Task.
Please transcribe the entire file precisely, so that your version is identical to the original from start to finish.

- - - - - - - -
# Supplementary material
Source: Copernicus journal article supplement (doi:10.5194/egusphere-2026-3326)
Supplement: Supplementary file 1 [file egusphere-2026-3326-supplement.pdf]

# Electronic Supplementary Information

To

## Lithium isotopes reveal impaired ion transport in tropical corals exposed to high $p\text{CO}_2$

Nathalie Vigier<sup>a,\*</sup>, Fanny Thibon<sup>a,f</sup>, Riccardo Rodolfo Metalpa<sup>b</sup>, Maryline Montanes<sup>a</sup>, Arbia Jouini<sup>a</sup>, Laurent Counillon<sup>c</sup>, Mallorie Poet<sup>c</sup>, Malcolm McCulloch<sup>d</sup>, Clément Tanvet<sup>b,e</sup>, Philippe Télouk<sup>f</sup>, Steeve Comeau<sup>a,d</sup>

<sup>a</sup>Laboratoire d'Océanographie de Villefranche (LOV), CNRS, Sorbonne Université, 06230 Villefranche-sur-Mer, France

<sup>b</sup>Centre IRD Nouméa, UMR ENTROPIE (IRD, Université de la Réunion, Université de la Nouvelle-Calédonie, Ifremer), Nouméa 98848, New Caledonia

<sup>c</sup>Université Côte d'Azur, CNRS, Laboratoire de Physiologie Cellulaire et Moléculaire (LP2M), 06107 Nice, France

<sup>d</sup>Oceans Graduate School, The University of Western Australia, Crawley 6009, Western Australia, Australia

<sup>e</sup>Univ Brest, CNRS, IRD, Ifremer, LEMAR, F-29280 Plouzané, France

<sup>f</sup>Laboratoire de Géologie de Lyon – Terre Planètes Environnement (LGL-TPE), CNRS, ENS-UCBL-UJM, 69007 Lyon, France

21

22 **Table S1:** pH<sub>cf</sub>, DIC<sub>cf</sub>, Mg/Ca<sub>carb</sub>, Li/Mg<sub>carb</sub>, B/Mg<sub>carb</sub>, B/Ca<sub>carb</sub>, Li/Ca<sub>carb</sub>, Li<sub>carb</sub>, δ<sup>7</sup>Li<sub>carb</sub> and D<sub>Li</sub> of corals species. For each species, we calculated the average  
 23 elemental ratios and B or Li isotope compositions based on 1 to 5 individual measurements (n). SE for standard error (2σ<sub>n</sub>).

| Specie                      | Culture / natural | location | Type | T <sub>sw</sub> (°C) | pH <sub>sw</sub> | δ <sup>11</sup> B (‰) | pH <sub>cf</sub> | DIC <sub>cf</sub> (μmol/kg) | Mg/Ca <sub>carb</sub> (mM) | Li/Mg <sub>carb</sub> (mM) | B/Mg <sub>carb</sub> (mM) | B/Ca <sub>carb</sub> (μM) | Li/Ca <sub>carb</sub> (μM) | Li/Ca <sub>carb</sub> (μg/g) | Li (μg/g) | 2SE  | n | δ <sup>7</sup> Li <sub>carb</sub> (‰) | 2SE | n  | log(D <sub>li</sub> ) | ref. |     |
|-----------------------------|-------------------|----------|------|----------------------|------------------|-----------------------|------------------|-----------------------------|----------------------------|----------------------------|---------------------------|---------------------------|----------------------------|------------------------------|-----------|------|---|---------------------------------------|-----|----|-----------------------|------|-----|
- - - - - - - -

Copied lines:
# Supplementary material
Source: Copernicus journal article supplement (doi:10.5194/egusphere-2026-3326)
Supplement: Supplementary file 1 [file egusphere-2026-3326-supplement.pdf]

# Electronic Supplementary Information

To

## Lithium isotopes reveal impaired ion transport in tropical corals exposed to high $p\text{CO}_2$

Nathalie Vigier<sup>a,\*</sup>, Fanny Thibon<sup>a,f</sup>, Riccardo Rodolfo Metalpa<sup>b</sup>, Maryline Montanes<sup>a</sup>, Arbia Jouini<sup>a</sup>, Laurent Counillon<sup>c</sup>, Mallorie Poet<sup>c</sup>, Malcolm McCulloch<sup>d</sup>, Clément Tanvet<sup>b,e</sup>, Philippe Télouk<sup>f</sup>, Steeve Comeau<sup>a,d</sup>

<sup>a</sup>Laboratoire d'Océanographie de Villefranche (LOV), CNRS, Sorbonne Université, 06230 Villefranche-sur-Mer, France

<sup>b</sup>Centre IRD Nouméa, UMR ENTROPIE (IRD, Université de la Réunion, Université de la Nouvelle-Calédonie, Ifremer), Nouméa 98848, New Caledonia

<sup>c</sup>Université Côte d'Azur, CNRS, Laboratoire de Physiologie Cellulaire et Moléculaire (LP2M), 06107 Nice, France

<sup>d</sup>Oceans Graduate School, The University of Western Australia, Crawley 6009, Western Australia, Australia

<sup>e</sup>Univ Brest, CNRS, IRD, Ifremer, LEMAR, F-29280 Plouzané, France

<sup>f</sup>Laboratoire de Géologie de Lyon – Terre Planètes Environnement (LGL-TPE), CNRS, ENS-UCBL-UJM, 69007 Lyon, France

21

22 **Table S1:** pH<sub>cf</sub>, DIC<sub>cf</sub>, Mg/Ca<sub>carb</sub>, Li/Mg<sub>carb</sub>, B/Mg<sub>carb</sub>, B/Ca<sub>carb</sub>, Li/Ca<sub>carb</sub>, Li<sub>carb</sub>, δ<sup>7</sup>Li<sub>carb</sub> and D<sub>Li</sub> of corals species. For each species, we calculated the average  
 23 elemental ratios and B or Li isotope compositions based on 1 to 5 individual measurements (n). SE for standard error (2σ<sub>n</sub>).

| Specie                      | Culture / natural | location | Type | T <sub>sw</sub> (°C) | pH <sub>sw</sub> | δ <sup>11</sup> B (‰) | pH <sub>cf</sub> | DIC <sub>cf</sub> (μmol/kg) | Mg/Ca <sub>carb</sub> (mM) | Li/Mg <sub>carb</sub> (mM) | B/Mg <sub>carb</sub> (mM) | B/Ca <sub>carb</sub> (μM) | Li/Ca <sub>carb</sub> (μM) | Li/Ca <sub>carb</sub> (μg/g) | Li (μg/g) | 2SE  | n | δ <sup>7</sup> Li <sub>carb</sub> (‰) | 2SE | n  | log(D <sub>li</sub> ) | ref. |     |
|-----------------------------|-------------------|----------|------|----------------------|------------------|-----------------------|------------------|-----------------------------|----------------------------|----------------------------|---------------------------|---------------------------|----------------------------|------------------------------|-----------|------|---|---------------------------------------|-----|----|-----------------------|------|-----|